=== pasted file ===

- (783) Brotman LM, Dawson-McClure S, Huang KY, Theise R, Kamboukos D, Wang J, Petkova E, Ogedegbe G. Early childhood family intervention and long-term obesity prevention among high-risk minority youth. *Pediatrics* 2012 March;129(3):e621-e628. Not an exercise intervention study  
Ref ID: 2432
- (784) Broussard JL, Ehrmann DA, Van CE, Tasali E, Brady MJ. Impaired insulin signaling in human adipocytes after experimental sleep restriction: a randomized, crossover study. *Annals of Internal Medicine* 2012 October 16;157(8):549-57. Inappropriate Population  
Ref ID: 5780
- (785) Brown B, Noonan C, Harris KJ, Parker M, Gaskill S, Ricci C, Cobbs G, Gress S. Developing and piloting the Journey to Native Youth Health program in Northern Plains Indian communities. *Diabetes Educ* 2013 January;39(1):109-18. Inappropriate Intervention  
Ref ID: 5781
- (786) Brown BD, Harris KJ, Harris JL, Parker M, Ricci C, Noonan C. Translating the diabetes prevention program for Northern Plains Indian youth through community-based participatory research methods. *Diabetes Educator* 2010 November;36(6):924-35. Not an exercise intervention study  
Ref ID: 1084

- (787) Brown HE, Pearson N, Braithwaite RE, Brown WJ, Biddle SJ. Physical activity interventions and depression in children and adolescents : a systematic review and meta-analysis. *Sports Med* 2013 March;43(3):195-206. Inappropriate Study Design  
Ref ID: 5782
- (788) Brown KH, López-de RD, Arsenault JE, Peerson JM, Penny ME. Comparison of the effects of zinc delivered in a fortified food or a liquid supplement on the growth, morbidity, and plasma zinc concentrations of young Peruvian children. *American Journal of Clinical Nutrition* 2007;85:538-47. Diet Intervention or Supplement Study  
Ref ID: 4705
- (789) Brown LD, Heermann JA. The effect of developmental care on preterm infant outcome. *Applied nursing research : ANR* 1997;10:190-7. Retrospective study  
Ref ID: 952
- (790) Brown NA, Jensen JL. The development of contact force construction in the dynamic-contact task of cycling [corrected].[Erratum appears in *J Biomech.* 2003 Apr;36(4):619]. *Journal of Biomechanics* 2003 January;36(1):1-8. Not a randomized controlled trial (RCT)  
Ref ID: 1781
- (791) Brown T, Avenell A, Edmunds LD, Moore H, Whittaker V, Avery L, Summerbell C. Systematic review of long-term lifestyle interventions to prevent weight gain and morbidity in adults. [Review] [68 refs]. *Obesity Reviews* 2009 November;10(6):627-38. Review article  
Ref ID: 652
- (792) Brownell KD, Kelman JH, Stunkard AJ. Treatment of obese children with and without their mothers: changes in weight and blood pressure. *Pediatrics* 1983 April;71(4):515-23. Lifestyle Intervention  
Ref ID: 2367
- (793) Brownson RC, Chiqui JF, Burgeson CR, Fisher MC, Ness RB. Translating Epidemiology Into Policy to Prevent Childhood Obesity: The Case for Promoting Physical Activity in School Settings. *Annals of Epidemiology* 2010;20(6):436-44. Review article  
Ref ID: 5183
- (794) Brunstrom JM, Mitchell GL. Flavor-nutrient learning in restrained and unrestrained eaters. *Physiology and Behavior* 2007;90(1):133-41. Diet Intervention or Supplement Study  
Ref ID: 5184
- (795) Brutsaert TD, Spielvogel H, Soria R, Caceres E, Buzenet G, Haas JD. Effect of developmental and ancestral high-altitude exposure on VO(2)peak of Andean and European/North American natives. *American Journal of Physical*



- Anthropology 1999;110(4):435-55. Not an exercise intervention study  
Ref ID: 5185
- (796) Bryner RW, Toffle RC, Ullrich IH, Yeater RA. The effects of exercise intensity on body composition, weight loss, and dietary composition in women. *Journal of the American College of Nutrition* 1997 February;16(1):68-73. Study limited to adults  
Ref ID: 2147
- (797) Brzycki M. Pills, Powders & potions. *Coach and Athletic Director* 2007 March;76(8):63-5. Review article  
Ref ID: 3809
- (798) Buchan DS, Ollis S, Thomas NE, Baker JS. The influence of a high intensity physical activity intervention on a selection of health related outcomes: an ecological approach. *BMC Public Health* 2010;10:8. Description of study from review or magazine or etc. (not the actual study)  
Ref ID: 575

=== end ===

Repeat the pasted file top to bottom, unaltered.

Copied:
- (783) Brotman LM, Dawson-McClure S, Huang KY, Theise R, Kamboukos D, Wang J, Petkova E, Ogedegbe G. Early childhood family intervention and long-term obesity prevention among high-risk minority youth. *Pediatrics* 2012 March;129(3):e621-e628. Not an exercise intervention study  
Ref ID: 2432
- (784) Broussard JL, Ehrmann DA, Van CE, Tasali E, Brady MJ. Impaired insulin signaling in human adipocytes after experimental sleep restriction: a randomized, crossover study. *Annals of Internal Medicine* 2012 October 16;157(8):549-57. Inappropriate Population  
Ref ID: 5780
- (785) Brown B, Noonan C, Harris KJ, Parker M, Gaskill S, Ricci C, Cobbs G, Gress S. Developing and piloting the Journey to Native Youth Health program in Northern Plains Indian communities. *Diabetes Educ* 2013 January;39(1):109-18. Inappropriate Intervention  
Ref ID: 5781
- (786) Brown BD, Harris KJ, Harris JL, Parker M, Ricci C, Noonan C. Translating the diabetes prevention program for Northern Plains Indian youth through community-based participatory research methods. *Diabetes Educator* 2010 November;36(6):924-35. Not an exercise intervention study  
Ref ID: 1084

- (787) Brown HE, Pearson N, Braithwaite RE, Brown WJ, Biddle SJ. Physical activity interventions and depression in children and adolescents : a systematic review and meta-analysis. *Sports Med* 2013 March;43(3):195-206. Inappropriate Study Design  
Ref ID: 5782
- (788) Brown KH, López-de RD, Arsenault JE, Peerson JM, Penny ME. Comparison of the effects of zinc delivered in a fortified food or a liquid supplement on the growth, morbidity, and plasma zinc concentrations of young Peruvian children. *American Journal of Clinical Nutrition* 2007;85:538-47. Diet Intervention or Supplement Study  
Ref ID: 4705
- (789) Brown LD, Heermann JA. The effect of developmental care on preterm infant outcome. *Applied nursing research : ANR* 1997;10:190-7. Retrospective study  
Ref ID: 952
- (790) Brown NA, Jensen JL. The development of contact force construction in the dynamic-contact task of cycling [corrected].[Erratum appears in *J Biomech.* 2003 Apr;36(4):619]. *Journal of Biomechanics* 2003 January;36(1):1-8. Not a randomized controlled trial (RCT)  
Ref ID: 1781
- (791) Brown T, Avenell A, Edmunds LD, Moore H, Whittaker V, Avery L, Summerbell C. Systematic review of long-term lifestyle interventions to prevent weight gain and morbidity in adults. [Review] [68 refs]. *Obesity Reviews* 2009 November;10(6):627-38. Review article  
Ref ID: 652
- (792) Brownell KD, Kelman JH, Stunkard AJ. Treatment of obese children with and without their mothers: changes in weight and blood pressure. *Pediatrics* 1983 April;71(4):515-23. Lifestyle Intervention  
Ref ID: 2367
- (793) Brownson RC, Chiqui JF, Burgeson CR, Fisher MC, Ness RB. Translating Epidemiology Into Policy to Prevent Childhood Obesity: The Case for Promoting Physical Activity in School Settings. *Annals of Epidemiology* 2010;20(6):436-44. Review article  
Ref ID: 5183
- (794) Brunstrom JM, Mitchell GL. Flavor-nutrient learning in restrained and unrestrained eaters. *Physiology and Behavior* 2007;90(1):133-41. Diet Intervention or Supplement Study  
Ref ID: 5184
- (795) Brutsaert TD, Spielvogel H, Soria R, Caceres E, Buzenet G, Haas JD. Effect of developmental and ancestral high-altitude exposure on VO(2)peak of Andean and European/North American natives. *American Journal of Physical*



- Anthropology 1999;110(4):435-55. Not an exercise intervention study  
Ref ID: 5185
- (796) Bryner RW, Toffle RC, Ullrich IH, Yeater RA. The effects of exercise intensity on body composition, weight loss, and dietary composition in women. *Journal of the American College of Nutrition* 1997 February;16(1):68-73. Study limited to adults  
Ref ID: 2147
- (797) Brzycki M. Pills, Powders & potions. *Coach and Athletic Director* 2007 March;76(8):63-5. Review article  
Ref ID: 3809
- (798) Buchan DS, Ollis S, Thomas NE, Baker JS. The influence of a high intensity physical activity intervention on a selection of health related outcomes: an ecological approach. *BMC Public Health* 2010;10:8. Description of study from review or magazine or etc. (not the actual study)  
Ref ID: 575